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Empty Virtue Signaling
WSBA Executive Director Terra Nevitt’s column [“Black History Month: What is Our Pathway Forward?” February 2022 Bar News] was a virtue signaling, sloganeering exhortation against something Ms. Nevitt calls “systemic racism.” The executive director neglects to define “systemic racism” or prove that it exists. And she offers no solutions for it even if it does exist.
Without evidence, Ms. Nevitt implies that disparity of incarceration regarding people of color is caused by systemic racism. If people of color are overrepresented in the prison system, we need to ask what laws they were convicted of violating. If people of color are incarcerated for the crimes of drugs or prostitution, then there is a straightforward solution: The WSBA could promote the abolition of these victimless crimes and the freeing of people, including whites, convicted of these crimes. The disparity of power and resources in any legal contest between the state and almost any defendant citizen, regardless of race, is vastly weighted in favor of the state. When the police kill a citizen of any race, there is often no accountability on the part of the police. Note the Redmond police killing of the unarmed white woman, Andrea Churna, in 2020. (The Seattle Times, 12-27-2021, page A-1.) Instead of having a systemic racism problem, it is more likely that we are having a systemic police-state problem that harms all races.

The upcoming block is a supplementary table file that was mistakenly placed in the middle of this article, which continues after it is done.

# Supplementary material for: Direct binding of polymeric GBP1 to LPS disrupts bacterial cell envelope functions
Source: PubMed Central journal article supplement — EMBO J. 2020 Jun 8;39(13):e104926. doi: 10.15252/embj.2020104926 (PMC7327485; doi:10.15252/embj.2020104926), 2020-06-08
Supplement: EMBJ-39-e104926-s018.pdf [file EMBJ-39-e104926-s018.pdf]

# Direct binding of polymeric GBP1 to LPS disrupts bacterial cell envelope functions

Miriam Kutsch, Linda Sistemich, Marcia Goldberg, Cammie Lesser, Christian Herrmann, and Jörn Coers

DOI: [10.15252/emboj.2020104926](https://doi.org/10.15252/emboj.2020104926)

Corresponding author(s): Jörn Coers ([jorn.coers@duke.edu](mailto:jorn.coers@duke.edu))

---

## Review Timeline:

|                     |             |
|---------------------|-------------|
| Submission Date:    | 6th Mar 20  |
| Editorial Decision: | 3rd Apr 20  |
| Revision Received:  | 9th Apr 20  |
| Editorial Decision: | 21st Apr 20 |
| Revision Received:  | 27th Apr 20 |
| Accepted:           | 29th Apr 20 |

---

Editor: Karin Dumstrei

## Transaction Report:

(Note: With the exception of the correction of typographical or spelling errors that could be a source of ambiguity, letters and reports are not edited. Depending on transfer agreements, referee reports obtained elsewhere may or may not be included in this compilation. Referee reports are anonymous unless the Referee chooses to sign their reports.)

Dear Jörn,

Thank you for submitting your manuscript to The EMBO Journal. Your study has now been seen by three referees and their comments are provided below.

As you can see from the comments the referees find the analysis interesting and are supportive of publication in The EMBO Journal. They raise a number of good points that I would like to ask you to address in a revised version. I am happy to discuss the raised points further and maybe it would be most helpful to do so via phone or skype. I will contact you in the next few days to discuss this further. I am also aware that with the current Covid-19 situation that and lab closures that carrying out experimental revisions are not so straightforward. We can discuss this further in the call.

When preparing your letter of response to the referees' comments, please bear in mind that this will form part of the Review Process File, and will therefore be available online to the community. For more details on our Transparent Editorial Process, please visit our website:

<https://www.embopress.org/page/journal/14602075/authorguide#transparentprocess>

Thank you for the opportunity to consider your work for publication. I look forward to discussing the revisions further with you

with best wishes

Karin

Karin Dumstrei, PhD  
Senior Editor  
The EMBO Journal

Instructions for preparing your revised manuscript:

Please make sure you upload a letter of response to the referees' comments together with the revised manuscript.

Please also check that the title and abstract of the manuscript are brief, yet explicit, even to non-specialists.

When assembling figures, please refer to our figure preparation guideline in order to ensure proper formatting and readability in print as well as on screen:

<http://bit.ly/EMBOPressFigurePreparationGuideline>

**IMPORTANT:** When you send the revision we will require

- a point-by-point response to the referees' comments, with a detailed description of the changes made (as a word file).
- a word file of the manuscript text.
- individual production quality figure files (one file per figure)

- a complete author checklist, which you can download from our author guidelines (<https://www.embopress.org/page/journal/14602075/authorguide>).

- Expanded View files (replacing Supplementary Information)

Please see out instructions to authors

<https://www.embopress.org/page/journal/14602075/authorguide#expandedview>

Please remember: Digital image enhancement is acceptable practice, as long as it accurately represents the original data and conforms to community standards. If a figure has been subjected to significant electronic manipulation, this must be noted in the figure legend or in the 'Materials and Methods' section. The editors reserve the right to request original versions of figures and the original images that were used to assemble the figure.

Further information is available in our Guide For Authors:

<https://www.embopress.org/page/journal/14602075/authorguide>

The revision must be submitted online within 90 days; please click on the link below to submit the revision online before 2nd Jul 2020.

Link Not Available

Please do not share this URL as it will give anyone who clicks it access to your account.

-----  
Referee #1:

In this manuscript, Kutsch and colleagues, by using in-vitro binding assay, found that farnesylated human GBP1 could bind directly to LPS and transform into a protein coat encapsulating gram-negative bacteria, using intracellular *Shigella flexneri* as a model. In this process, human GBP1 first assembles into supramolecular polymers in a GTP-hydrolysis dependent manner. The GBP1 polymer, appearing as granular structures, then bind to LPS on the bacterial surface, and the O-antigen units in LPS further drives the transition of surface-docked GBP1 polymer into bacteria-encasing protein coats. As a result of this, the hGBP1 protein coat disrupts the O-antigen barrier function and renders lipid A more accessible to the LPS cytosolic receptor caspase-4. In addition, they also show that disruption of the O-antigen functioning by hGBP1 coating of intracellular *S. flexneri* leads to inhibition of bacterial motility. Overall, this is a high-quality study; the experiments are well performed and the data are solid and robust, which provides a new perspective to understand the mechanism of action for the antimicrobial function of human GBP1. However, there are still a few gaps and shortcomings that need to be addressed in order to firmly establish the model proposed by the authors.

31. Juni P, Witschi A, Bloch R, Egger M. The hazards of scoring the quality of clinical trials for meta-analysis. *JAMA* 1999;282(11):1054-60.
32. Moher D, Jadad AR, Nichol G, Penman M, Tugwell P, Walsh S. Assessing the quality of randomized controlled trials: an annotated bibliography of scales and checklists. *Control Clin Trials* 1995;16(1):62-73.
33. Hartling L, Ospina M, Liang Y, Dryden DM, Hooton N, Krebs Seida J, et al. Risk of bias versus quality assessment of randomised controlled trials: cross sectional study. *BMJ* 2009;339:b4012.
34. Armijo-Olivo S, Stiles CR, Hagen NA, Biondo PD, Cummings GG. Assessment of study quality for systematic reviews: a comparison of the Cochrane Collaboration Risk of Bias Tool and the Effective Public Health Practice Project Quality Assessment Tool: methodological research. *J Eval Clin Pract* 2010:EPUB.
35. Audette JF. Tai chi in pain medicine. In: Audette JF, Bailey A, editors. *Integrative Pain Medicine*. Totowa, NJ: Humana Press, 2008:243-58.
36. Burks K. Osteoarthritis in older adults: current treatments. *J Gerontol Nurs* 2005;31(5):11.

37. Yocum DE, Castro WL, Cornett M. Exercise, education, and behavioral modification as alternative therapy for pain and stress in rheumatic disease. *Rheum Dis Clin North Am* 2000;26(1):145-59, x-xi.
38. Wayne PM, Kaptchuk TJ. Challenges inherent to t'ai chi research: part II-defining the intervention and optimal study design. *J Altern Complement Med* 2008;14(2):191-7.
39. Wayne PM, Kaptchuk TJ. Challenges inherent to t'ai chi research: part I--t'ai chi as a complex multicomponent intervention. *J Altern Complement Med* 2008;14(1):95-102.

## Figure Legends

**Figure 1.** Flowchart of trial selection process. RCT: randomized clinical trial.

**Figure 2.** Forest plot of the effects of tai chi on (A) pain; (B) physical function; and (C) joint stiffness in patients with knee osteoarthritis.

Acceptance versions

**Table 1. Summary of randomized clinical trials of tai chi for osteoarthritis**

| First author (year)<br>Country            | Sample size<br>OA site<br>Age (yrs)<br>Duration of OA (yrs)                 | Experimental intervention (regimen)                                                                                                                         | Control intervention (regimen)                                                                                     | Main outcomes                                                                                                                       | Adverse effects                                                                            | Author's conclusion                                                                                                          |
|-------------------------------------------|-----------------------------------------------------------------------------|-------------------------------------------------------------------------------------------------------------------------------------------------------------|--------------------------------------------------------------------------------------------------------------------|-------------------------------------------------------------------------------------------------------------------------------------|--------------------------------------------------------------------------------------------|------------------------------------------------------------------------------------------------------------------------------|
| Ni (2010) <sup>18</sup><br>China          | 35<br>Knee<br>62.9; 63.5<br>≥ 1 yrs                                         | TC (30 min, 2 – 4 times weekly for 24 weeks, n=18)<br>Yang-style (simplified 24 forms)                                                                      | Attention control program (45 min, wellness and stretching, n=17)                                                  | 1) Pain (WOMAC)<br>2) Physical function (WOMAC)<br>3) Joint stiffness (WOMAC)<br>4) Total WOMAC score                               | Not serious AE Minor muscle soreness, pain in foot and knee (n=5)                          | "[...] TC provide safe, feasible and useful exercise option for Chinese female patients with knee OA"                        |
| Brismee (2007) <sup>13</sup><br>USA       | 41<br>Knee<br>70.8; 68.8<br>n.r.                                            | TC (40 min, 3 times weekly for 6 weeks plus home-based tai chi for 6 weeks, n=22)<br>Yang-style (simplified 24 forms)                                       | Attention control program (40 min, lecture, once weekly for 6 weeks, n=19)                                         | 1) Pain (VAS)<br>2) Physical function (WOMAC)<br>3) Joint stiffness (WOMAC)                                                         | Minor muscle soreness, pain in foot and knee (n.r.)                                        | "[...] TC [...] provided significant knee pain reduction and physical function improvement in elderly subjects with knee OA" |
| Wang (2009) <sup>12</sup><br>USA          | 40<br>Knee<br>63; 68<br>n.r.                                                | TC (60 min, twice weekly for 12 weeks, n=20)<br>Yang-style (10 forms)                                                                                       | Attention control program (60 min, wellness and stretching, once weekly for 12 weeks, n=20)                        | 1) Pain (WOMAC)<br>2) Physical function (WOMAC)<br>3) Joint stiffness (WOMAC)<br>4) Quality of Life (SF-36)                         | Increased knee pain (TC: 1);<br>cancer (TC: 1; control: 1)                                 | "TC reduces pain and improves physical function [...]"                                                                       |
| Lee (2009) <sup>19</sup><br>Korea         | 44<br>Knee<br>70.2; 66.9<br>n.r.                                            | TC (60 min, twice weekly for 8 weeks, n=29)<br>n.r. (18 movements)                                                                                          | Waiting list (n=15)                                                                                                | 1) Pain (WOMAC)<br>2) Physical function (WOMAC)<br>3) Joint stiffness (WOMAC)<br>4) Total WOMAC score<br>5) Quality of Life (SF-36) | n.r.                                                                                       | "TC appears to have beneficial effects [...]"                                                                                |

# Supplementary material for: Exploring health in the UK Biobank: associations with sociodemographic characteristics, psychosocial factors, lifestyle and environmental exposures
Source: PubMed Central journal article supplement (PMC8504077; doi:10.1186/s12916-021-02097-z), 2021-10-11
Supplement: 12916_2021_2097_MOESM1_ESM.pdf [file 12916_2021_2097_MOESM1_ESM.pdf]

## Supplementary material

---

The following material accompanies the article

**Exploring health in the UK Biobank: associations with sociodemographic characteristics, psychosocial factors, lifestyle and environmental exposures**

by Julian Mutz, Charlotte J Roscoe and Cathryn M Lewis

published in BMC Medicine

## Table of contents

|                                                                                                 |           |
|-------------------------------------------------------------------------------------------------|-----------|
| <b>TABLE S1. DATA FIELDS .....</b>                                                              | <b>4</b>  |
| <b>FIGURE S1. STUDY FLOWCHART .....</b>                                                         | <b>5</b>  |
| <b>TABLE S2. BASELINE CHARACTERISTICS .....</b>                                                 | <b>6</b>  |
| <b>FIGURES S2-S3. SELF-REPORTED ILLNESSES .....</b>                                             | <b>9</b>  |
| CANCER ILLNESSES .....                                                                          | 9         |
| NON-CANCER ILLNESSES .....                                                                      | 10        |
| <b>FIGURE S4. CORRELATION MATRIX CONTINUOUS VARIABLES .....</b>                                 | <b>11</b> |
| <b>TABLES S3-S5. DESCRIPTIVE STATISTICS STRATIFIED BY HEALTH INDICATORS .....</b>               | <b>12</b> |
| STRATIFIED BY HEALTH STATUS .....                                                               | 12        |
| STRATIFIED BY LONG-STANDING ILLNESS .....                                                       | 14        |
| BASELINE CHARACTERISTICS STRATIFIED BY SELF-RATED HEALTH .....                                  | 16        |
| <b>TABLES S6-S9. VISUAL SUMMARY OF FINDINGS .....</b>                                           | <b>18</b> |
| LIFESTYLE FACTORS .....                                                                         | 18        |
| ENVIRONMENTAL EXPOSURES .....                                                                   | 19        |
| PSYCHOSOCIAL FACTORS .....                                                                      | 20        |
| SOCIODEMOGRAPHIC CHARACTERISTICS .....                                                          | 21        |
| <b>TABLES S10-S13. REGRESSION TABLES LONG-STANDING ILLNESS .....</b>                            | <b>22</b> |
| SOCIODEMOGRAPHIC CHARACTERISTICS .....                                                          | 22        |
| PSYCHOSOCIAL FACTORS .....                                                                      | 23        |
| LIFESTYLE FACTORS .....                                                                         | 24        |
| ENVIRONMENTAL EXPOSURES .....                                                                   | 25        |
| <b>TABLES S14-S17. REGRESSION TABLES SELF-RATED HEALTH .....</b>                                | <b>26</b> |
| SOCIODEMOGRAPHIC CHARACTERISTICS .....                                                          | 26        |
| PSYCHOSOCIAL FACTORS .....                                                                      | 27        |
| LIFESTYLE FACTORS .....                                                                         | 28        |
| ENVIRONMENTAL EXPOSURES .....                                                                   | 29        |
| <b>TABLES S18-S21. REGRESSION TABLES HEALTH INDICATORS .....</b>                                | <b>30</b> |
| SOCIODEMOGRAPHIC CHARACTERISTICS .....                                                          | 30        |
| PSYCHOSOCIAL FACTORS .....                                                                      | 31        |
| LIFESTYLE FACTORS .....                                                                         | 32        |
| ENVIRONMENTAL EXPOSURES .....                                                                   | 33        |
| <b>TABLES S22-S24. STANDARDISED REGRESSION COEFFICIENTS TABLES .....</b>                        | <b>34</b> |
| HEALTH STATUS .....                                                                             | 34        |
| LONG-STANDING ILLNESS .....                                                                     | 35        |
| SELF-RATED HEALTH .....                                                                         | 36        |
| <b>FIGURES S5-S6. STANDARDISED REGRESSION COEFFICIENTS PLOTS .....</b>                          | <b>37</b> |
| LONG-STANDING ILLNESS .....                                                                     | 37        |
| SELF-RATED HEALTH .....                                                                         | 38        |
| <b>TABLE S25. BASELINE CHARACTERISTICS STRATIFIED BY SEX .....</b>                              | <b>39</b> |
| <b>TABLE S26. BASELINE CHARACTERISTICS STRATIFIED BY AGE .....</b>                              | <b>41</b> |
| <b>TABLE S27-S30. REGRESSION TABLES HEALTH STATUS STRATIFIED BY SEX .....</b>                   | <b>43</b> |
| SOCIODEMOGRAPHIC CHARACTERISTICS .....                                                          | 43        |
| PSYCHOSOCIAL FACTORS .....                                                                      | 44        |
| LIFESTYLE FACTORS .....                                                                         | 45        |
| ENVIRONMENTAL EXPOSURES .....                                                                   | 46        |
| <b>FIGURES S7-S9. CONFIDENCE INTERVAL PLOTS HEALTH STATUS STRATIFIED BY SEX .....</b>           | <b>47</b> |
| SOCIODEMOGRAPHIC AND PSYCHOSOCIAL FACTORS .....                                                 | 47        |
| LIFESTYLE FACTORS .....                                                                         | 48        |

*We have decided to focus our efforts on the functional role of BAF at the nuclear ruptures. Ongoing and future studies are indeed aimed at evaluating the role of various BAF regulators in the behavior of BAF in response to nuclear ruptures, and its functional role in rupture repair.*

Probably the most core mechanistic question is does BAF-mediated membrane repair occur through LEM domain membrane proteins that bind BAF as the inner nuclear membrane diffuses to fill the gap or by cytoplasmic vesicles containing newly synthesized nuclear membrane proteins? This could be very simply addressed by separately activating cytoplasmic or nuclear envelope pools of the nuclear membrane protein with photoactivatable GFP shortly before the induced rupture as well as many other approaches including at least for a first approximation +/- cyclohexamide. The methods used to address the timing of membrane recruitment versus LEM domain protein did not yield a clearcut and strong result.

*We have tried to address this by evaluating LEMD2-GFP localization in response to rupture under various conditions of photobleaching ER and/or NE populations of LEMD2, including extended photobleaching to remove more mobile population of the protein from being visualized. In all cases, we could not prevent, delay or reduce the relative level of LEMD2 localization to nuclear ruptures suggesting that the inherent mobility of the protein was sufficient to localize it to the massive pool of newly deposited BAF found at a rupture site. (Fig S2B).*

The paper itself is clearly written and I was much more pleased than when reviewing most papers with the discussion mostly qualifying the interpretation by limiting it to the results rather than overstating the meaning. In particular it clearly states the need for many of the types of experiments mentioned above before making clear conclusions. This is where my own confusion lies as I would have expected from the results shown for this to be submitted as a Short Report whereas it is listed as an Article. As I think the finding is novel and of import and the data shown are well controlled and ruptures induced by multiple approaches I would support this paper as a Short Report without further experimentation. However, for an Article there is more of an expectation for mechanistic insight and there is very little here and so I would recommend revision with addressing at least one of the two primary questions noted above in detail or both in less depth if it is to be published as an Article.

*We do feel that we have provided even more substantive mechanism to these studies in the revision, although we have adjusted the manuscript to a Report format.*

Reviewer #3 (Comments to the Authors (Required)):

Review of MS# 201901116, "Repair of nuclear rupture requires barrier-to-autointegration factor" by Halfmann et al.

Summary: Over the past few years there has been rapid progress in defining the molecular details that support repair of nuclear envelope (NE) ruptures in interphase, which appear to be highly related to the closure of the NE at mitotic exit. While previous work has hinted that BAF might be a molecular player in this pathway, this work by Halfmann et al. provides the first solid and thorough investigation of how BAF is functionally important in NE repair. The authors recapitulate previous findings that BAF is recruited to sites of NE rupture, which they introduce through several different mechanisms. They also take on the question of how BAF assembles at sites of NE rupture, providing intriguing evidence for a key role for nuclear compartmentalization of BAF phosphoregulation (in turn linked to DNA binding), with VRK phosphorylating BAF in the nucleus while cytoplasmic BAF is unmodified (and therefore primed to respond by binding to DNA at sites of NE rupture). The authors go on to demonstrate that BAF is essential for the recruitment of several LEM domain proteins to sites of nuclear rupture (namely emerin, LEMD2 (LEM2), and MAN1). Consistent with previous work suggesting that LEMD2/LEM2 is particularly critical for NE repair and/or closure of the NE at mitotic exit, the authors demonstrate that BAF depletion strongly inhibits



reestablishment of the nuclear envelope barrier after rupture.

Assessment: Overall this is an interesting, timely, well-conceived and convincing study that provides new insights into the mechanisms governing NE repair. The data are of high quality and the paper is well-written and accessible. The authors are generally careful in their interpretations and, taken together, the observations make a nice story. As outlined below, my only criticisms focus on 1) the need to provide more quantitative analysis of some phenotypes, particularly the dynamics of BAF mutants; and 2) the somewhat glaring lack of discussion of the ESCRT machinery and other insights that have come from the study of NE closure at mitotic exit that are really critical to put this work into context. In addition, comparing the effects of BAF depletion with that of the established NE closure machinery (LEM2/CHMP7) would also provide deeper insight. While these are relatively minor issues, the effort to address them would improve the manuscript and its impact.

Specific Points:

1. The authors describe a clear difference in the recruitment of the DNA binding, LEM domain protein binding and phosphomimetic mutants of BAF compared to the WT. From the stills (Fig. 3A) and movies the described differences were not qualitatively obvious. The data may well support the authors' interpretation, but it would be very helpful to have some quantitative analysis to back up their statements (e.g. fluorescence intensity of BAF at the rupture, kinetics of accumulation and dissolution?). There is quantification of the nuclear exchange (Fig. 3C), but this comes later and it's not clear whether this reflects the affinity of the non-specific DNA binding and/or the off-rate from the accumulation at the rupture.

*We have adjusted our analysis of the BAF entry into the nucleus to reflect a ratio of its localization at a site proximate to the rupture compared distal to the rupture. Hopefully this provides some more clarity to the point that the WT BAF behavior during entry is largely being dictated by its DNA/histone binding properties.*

Rather than dealing with any of the above considerations, Ms. Nevitt approvingly cites the Washington Supreme Court’s 2020 call to action:
As we lean in to do this hard and necessary work, may we also remember to support our [B]lack colleagues by lifting their voices. Listening to and acknowledging their experiences will enrich and inform our shared cause of dismantling systemic racism.
Instead of the legal profession “lifting their voices,” wouldn’t people of color rather be freed from prison and have the killings perpetrated by the police brought to an end?
I have read the books by Robin DiAngelo, White Fragility, and Ibram Kendi, How to Be an Antiracist, on the topic of systemic racism. These books offer the same vague sloganeering and finger wagging as the executive director’s column without proof or solutions. How can we “all own the work of dismantling systemic racism” when present day systemic racism has not been defined or shown to exist?
In contrast, the police state exists all around us and grows bigger every day with mandates, surveillance, and endless enforcement agencies with little or no accountability. Instead of pursuing the mirage of systemic racism, we should consider dismantling the systemic police state.
Tom Stahl, Ellensburg
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